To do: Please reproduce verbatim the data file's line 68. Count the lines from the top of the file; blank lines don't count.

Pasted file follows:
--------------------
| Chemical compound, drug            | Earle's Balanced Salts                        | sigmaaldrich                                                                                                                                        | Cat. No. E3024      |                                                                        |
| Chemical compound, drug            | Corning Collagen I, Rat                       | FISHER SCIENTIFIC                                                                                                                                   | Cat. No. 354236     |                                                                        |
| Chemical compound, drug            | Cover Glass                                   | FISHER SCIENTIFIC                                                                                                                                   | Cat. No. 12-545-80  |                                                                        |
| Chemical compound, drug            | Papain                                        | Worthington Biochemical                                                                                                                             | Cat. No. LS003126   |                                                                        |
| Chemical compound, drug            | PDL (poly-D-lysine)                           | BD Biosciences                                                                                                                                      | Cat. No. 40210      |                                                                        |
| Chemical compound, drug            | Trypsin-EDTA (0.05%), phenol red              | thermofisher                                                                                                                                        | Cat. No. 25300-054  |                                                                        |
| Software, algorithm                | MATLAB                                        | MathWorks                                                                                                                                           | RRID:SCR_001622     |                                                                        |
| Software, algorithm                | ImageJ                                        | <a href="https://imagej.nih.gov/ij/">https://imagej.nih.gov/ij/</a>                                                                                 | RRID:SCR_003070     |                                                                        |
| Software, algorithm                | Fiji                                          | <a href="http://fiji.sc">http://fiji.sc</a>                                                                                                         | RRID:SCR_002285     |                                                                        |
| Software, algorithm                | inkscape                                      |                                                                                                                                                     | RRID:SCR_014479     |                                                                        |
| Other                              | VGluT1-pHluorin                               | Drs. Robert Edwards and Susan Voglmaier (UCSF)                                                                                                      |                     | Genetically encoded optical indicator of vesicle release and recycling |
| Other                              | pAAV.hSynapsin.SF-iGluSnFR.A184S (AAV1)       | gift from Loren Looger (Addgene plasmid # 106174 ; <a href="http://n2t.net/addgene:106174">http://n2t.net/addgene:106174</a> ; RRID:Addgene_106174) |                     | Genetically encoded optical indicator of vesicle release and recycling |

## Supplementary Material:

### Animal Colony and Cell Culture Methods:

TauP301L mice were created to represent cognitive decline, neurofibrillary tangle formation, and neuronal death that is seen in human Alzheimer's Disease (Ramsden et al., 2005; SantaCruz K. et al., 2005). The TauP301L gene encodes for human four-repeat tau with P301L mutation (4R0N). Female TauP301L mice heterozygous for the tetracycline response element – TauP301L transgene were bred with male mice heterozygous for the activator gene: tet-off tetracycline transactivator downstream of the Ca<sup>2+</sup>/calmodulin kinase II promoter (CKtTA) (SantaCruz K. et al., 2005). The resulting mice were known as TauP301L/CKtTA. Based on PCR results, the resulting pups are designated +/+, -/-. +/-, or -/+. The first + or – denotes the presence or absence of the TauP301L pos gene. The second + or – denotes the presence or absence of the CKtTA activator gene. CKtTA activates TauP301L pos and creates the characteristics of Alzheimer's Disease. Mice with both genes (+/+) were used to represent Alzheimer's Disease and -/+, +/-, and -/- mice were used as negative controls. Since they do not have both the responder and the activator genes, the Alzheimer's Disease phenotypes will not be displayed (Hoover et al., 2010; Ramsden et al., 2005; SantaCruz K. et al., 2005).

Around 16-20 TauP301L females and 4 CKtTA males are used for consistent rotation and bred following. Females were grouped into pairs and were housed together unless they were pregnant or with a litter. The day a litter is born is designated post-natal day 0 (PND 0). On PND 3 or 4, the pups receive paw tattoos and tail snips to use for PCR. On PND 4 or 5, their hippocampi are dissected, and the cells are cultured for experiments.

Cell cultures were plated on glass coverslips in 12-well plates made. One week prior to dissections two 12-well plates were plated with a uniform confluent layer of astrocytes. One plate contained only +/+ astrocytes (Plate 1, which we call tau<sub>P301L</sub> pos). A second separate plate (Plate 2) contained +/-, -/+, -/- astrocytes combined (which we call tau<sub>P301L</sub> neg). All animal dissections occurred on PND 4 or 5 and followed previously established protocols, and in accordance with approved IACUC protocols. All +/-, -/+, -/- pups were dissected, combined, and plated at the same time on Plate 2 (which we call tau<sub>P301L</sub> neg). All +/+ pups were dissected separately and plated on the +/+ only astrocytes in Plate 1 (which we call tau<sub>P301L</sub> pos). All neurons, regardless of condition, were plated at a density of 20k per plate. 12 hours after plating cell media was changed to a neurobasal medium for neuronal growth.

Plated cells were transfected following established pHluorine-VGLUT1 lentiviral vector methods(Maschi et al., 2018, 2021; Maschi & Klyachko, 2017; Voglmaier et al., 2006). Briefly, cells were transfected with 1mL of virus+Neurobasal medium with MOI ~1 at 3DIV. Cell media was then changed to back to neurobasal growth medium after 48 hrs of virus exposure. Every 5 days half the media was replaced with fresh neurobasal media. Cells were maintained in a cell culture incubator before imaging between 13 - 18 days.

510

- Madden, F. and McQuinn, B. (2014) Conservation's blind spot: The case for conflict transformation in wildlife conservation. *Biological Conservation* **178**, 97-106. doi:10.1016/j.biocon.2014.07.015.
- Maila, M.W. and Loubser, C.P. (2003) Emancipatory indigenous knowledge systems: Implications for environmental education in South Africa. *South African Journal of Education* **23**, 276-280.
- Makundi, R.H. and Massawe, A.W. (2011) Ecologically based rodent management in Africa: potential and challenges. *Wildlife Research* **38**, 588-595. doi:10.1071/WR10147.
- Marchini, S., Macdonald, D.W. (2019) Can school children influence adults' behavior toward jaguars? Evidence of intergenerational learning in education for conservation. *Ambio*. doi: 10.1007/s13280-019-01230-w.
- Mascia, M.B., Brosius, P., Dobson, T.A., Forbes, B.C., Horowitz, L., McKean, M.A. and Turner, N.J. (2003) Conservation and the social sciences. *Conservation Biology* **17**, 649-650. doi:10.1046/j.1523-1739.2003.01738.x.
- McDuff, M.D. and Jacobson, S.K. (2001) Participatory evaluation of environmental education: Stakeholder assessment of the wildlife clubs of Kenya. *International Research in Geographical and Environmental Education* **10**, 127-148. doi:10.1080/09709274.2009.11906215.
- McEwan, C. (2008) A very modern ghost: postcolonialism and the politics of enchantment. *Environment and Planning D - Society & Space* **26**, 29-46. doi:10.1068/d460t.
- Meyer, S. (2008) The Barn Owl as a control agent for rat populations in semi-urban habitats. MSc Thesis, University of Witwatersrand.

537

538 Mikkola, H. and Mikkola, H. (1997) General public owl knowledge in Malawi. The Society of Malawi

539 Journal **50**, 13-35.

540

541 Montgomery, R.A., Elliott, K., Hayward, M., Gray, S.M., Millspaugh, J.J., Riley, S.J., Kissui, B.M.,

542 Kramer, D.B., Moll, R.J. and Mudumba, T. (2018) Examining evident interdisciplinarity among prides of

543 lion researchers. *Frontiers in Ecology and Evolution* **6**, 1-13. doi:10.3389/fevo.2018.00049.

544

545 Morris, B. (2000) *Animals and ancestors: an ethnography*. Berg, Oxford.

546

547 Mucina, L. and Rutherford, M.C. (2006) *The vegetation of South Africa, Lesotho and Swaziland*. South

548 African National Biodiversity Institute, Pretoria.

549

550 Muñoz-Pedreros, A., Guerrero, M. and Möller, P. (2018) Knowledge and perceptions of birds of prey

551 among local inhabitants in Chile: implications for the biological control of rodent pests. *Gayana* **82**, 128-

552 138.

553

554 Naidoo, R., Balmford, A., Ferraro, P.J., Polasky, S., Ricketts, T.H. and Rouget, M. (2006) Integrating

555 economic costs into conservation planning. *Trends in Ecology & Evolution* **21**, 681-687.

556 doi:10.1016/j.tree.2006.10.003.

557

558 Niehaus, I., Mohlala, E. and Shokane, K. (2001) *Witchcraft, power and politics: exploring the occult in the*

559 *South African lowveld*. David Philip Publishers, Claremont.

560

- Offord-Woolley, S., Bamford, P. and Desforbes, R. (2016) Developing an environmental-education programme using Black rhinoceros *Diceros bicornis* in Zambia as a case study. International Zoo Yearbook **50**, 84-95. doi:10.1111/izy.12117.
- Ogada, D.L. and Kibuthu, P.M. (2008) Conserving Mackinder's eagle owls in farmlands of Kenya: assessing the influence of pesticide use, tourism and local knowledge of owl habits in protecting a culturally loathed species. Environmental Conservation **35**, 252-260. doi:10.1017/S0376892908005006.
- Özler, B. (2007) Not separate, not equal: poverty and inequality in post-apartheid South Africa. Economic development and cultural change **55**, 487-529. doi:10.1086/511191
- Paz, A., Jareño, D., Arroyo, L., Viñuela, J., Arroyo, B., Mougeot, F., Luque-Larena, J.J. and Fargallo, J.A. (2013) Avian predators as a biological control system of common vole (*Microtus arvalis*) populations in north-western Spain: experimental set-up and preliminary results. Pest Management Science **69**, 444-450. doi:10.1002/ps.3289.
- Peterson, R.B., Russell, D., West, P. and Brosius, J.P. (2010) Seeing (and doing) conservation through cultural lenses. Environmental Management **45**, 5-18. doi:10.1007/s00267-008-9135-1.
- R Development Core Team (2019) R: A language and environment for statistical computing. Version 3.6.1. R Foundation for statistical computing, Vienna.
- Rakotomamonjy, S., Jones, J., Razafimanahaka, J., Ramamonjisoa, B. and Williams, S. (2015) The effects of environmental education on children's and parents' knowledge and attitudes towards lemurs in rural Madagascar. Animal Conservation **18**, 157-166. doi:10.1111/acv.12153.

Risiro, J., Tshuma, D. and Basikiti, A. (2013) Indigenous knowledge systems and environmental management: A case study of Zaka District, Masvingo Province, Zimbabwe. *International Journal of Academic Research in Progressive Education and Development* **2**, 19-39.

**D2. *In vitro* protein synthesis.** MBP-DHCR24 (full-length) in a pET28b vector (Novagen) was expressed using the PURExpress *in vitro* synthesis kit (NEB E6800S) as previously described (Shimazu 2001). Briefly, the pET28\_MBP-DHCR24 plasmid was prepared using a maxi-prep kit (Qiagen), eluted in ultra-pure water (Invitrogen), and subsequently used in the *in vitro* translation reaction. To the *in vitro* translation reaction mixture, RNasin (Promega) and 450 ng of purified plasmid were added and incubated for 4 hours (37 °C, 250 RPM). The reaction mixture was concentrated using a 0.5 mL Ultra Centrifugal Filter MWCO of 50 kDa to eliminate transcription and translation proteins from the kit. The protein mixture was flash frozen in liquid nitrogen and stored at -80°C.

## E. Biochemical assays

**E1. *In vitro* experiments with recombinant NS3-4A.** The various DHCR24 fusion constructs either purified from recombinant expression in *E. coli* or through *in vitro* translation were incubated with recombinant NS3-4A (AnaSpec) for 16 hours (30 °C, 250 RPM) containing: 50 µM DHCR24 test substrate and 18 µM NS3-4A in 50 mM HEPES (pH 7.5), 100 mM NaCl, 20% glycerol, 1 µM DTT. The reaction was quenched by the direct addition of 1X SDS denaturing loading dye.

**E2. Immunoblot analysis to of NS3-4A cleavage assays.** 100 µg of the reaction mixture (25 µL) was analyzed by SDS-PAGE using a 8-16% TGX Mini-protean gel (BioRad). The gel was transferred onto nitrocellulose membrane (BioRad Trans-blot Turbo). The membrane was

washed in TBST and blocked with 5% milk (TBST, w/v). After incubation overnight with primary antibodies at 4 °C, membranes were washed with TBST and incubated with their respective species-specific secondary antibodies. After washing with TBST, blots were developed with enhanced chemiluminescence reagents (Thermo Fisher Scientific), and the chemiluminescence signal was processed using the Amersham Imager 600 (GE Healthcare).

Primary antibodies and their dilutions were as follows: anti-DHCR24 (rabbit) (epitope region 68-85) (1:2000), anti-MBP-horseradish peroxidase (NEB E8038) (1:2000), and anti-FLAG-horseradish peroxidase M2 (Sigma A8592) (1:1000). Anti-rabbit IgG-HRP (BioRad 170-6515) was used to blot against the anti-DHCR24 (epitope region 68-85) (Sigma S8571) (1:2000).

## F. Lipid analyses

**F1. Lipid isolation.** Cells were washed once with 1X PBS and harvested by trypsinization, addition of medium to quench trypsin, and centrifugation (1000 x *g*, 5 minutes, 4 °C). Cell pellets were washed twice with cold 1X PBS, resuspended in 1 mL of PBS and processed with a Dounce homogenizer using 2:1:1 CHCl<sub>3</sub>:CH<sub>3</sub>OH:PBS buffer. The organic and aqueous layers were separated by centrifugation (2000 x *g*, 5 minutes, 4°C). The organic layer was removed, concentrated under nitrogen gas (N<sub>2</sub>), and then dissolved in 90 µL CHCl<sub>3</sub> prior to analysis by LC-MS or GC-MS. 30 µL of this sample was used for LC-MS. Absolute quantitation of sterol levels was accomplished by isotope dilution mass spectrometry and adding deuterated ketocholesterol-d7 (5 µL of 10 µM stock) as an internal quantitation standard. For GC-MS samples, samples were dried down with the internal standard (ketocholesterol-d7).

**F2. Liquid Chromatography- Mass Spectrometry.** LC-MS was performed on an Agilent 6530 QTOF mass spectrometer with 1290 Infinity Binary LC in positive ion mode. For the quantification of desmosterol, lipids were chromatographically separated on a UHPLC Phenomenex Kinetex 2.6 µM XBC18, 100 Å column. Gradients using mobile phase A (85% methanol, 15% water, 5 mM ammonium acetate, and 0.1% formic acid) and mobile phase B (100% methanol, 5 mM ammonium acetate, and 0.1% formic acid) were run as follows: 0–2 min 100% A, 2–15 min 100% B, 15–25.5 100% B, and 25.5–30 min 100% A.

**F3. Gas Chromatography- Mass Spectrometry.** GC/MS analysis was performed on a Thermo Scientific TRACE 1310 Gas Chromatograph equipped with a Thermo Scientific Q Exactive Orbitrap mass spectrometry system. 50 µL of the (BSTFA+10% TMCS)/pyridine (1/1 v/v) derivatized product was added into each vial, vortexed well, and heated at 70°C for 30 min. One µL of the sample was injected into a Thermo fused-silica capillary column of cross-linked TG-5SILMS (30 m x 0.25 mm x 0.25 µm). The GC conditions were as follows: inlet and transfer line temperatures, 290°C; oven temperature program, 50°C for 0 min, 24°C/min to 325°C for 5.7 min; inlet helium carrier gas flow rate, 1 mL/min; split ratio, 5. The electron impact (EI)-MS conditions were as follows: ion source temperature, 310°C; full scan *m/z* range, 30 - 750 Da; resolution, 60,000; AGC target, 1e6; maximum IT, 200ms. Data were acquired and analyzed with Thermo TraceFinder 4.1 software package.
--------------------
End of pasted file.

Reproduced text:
**F2. Liquid Chromatography- Mass Spectrometry.** LC-MS was performed on an Agilent 6530 QTOF mass spectrometer with 1290 Infinity Binary LC in positive ion mode. For the quantification of desmosterol, lipids were chromatographically separated on a UHPLC Phenomenex Kinetex 2.6 µM XBC18, 100 Å column. Gradients using mobile phase A (85% methanol, 15% water, 5 mM ammonium acetate, and 0.1% formic acid) and mobile phase B (100% methanol, 5 mM ammonium acetate, and 0.1% formic acid) were run as follows: 0–2 min 100% A, 2–15 min 100% B, 15–25.5 100% B, and 25.5–30 min 100% A.